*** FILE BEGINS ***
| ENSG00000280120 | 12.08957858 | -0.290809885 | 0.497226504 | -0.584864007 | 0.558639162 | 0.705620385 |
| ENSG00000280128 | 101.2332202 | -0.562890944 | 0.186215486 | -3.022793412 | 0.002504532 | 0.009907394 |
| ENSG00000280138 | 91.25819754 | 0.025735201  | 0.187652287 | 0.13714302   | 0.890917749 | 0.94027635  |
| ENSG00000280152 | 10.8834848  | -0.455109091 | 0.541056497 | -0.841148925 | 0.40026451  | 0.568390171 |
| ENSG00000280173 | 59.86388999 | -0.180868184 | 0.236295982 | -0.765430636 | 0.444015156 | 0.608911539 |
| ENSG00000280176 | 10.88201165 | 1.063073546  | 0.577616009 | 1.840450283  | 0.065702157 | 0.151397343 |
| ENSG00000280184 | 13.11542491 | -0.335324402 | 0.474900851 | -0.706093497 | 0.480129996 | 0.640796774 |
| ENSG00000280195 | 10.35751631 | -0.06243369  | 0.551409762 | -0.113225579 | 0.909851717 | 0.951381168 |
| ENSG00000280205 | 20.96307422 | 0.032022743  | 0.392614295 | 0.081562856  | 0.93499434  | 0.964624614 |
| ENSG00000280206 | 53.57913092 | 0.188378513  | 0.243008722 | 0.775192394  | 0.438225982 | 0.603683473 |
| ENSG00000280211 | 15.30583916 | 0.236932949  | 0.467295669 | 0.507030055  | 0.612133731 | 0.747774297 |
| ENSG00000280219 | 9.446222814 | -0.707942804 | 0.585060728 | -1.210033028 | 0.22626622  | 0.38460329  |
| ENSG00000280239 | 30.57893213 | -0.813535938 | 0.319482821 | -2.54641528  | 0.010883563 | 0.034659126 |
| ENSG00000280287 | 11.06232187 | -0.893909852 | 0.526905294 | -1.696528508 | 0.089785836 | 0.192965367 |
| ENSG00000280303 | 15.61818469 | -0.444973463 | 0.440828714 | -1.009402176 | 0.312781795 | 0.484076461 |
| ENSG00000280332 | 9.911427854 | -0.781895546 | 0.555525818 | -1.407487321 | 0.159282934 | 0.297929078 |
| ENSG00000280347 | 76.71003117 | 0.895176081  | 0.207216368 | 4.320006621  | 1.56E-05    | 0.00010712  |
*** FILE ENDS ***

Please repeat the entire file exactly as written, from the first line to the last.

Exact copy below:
| ENSG00000280120 | 12.08957858 | -0.290809885 | 0.497226504 | -0.584864007 | 0.558639162 | 0.705620385 |
| ENSG00000280128 | 101.2332202 | -0.562890944 | 0.186215486 | -3.022793412 | 0.002504532 | 0.009907394 |
| ENSG00000280138 | 91.25819754 | 0.025735201  | 0.187652287 | 0.13714302   | 0.890917749 | 0.94027635  |
| ENSG00000280152 | 10.8834848  | -0.455109091 | 0.541056497 | -0.841148925 | 0.40026451  | 0.568390171 |
| ENSG00000280173 | 59.86388999 | -0.180868184 | 0.236295982 | -0.765430636 | 0.444015156 | 0.608911539 |
| ENSG00000280176 | 10.88201165 | 1.063073546  | 0.577616009 | 1.840450283  | 0.065702157 | 0.151397343 |
| ENSG00000280184 | 13.11542491 | -0.335324402 | 0.474900851 | -0.706093497 | 0.480129996 | 0.640796774 |
| ENSG00000280195 | 10.35751631 | -0.06243369  | 0.551409762 | -0.113225579 | 0.909851717 | 0.951381168 |
| ENSG00000280205 | 20.96307422 | 0.032022743  | 0.392614295 | 0.081562856  | 0.93499434  | 0.964624614 |
| ENSG00000280206 | 53.57913092 | 0.188378513  | 0.243008722 | 0.775192394  | 0.438225982 | 0.603683473 |
| ENSG00000280211 | 15.30583916 | 0.236932949  | 0.467295669 | 0.507030055  | 0.612133731 | 0.747774297 |
| ENSG00000280219 | 9.446222814 | -0.707942804 | 0.585060728 | -1.210033028 | 0.22626622  | 0.38460329  |
| ENSG00000280239 | 30.57893213 | -0.813535938 | 0.319482821 | -2.54641528  | 0.010883563 | 0.034659126 |
| ENSG00000280287 | 11.06232187 | -0.893909852 | 0.526905294 | -1.696528508 | 0.089785836 | 0.192965367 |
| ENSG00000280303 | 15.61818469 | -0.444973463 | 0.440828714 | -1.009402176 | 0.312781795 | 0.484076461 |
| ENSG00000280332 | 9.911427854 | -0.781895546 | 0.555525818 | -1.407487321 | 0.159282934 | 0.297929078 |
| ENSG00000280347 | 76.71003117 | 0.895176081  | 0.207216368 | 4.320006621  | 1.56E-05    | 0.00010712  |